hide back their luminous form
whenever all full she shines
on the earth
Can the reader observe this as one complete poem? Or is there more to this silvery moon who shines down upon us? Originally paired with a lyre, the vast majority of Sappho’s lyrics and music have been lost and what is left are only glimpses into the poet’s mind. As with the artwork on display in Hernández’s exhibition, we are tasked to interpret the evocative blank spaces by ourselves.
Hernández proposes with this new exhibition to understand art making as a dream: an active phenomenon grappled with the tentative and the indeterminate, a state of consciousness with its own independent rules and an act of “self-projection”; that is, a channel to explore the world from multiple possible perspectives.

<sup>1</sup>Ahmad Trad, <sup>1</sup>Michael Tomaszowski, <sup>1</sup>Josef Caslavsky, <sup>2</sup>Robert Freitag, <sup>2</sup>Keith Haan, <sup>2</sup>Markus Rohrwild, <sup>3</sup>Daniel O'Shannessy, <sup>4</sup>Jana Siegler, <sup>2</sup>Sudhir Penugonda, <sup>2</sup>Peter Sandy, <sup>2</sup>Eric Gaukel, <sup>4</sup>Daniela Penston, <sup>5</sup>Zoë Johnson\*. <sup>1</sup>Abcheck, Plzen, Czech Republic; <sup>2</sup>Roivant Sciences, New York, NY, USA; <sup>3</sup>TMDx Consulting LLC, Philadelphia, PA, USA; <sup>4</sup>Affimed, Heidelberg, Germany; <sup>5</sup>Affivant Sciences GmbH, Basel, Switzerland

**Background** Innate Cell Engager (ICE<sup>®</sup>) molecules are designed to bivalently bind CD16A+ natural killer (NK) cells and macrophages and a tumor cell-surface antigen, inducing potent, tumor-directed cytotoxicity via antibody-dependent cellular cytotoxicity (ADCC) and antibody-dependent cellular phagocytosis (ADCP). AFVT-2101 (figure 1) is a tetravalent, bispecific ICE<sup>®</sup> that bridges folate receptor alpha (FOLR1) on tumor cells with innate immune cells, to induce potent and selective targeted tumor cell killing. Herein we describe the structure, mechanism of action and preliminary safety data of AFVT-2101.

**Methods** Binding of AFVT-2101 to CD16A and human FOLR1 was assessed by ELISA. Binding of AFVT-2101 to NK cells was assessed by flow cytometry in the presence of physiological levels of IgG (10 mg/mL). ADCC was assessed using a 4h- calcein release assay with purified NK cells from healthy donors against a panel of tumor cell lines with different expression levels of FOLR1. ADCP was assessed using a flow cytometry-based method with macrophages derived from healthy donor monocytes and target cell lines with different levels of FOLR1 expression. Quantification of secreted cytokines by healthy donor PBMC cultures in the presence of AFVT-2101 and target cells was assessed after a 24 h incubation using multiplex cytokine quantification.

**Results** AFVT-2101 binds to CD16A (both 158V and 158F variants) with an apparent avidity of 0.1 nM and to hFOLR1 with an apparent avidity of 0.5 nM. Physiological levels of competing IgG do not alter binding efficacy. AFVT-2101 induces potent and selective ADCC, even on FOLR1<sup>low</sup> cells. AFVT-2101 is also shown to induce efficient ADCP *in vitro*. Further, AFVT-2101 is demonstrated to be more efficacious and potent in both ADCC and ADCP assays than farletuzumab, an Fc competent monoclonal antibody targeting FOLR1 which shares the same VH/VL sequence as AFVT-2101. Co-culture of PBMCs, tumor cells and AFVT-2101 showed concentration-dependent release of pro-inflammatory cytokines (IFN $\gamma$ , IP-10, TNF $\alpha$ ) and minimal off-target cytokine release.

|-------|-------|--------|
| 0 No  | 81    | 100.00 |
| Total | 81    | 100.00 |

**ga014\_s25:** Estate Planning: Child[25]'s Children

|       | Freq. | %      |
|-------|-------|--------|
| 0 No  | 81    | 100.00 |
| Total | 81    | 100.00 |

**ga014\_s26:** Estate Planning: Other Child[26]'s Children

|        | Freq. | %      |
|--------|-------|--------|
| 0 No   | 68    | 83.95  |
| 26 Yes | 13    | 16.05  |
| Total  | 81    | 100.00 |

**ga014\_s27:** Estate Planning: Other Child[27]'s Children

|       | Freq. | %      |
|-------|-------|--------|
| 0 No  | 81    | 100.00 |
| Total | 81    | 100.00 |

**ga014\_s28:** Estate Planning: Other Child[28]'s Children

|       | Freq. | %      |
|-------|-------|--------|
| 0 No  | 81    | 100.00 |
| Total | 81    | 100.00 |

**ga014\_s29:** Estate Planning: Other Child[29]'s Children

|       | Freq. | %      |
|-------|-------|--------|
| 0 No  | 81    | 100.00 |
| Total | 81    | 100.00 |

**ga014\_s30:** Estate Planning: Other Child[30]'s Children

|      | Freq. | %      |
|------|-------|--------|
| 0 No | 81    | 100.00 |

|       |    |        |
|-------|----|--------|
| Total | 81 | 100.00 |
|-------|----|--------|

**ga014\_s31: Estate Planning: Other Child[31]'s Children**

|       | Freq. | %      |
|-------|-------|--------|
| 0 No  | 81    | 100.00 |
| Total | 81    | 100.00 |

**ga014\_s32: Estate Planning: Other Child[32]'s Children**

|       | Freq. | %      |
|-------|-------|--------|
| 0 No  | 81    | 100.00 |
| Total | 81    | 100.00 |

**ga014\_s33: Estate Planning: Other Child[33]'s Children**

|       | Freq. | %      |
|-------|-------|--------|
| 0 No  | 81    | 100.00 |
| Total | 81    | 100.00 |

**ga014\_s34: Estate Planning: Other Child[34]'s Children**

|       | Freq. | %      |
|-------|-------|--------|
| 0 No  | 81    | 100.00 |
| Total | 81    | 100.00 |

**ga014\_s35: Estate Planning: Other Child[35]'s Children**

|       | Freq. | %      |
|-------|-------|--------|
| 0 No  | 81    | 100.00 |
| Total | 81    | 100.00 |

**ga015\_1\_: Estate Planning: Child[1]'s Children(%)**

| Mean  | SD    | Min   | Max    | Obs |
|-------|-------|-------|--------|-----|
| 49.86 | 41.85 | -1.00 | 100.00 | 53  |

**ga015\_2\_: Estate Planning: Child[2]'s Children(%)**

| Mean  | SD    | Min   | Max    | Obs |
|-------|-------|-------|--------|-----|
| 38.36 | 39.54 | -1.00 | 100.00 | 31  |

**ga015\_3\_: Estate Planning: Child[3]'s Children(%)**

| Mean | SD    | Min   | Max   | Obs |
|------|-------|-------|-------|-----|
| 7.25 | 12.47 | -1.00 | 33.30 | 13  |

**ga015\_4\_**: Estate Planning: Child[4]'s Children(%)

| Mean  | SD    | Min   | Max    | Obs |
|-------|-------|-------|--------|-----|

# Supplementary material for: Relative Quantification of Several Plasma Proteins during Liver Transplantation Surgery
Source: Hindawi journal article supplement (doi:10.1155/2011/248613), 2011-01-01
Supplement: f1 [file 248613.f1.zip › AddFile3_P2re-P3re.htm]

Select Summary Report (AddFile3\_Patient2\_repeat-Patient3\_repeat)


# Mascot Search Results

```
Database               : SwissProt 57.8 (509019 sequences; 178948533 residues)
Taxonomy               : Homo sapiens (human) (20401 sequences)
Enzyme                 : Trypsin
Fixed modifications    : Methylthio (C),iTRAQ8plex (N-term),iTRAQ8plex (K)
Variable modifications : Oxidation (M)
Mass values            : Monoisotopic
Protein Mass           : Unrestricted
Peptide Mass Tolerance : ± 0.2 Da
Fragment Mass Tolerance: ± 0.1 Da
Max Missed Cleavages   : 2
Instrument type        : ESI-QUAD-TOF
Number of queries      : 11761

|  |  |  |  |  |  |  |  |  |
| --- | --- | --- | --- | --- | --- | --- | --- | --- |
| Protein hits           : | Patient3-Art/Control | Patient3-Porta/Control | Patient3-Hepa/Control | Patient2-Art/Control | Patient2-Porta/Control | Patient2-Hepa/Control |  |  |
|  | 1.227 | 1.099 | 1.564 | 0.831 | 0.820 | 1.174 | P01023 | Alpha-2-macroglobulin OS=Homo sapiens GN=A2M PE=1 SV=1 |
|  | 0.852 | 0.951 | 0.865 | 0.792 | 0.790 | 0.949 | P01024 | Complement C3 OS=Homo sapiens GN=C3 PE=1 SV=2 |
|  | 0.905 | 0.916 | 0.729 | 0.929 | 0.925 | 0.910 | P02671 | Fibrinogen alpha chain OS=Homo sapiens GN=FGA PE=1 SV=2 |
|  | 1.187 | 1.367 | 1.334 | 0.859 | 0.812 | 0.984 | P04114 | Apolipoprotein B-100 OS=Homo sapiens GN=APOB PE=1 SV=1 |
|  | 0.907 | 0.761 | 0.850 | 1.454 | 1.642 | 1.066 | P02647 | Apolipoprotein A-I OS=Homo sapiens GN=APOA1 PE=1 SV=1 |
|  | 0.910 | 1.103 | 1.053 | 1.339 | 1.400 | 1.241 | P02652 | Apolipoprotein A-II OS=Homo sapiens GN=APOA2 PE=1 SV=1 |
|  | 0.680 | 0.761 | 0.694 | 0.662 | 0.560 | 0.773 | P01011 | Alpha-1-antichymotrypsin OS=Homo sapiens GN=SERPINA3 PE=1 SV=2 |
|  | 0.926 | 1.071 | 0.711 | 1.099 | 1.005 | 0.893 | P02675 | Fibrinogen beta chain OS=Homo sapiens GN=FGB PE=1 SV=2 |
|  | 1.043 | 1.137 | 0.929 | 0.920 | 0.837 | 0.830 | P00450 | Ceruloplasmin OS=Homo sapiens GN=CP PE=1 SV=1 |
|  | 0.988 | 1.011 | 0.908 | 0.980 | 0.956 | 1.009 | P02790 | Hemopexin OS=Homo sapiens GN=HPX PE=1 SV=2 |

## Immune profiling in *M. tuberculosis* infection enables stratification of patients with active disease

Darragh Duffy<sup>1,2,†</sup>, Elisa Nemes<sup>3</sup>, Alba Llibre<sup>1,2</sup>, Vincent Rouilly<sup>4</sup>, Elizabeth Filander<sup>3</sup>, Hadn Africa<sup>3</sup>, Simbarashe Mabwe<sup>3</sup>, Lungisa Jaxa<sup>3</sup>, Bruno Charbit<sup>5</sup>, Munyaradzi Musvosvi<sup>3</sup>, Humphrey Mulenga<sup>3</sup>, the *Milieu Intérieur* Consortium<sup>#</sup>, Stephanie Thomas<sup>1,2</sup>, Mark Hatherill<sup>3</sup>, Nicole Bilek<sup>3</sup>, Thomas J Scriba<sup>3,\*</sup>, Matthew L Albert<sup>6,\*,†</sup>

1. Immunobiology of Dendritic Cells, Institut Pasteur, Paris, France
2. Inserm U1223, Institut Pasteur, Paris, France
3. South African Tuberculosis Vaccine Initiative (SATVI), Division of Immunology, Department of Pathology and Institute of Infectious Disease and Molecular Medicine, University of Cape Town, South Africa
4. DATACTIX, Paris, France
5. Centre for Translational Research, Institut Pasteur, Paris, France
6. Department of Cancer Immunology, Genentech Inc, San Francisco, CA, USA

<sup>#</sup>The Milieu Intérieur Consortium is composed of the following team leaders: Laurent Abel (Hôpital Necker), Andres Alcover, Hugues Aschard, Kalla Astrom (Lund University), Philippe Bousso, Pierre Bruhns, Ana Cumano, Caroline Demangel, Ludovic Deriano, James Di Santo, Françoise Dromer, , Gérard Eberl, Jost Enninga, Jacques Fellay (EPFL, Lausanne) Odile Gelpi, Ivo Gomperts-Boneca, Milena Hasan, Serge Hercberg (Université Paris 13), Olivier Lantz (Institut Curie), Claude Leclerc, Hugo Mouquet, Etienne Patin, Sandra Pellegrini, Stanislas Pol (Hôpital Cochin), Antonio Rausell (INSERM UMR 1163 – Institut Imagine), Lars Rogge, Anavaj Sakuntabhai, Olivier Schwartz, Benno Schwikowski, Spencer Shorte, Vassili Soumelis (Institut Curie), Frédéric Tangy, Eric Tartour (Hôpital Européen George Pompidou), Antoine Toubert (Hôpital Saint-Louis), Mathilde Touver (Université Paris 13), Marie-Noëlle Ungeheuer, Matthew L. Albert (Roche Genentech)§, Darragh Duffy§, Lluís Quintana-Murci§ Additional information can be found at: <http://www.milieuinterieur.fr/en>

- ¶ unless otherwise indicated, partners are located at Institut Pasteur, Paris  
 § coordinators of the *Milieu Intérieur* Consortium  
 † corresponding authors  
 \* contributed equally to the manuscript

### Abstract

This exhibition is followed by the artist’s solo exhibition on the same subject at the Wattis Art Institute in San Francisco, California opening on December 14, 2023.
1. This work was originally produced by and exhibited at the Kestner Gesellschaft in Hanover earlier this year.
2. When Animals Dream: The Hidden World of Animal Consciousness by David M. Peña-Guzmán, 2022, published by Princeton University Press, Princeton and Oxford, p. 193.
3. If Not Winter: Fragments of Sappho by Anne Carson, 2002, published by Virago Press, London, p. 69.
Rodrigo Hernández (b. 1983, Mexico City) lives and works in Mexico City. He studied at the Jan Van Eyck Academie, Maastricht (2014) and obtained a BA at the Staatliche Akademie der Bildenden Künste in Karlsruhe (2013).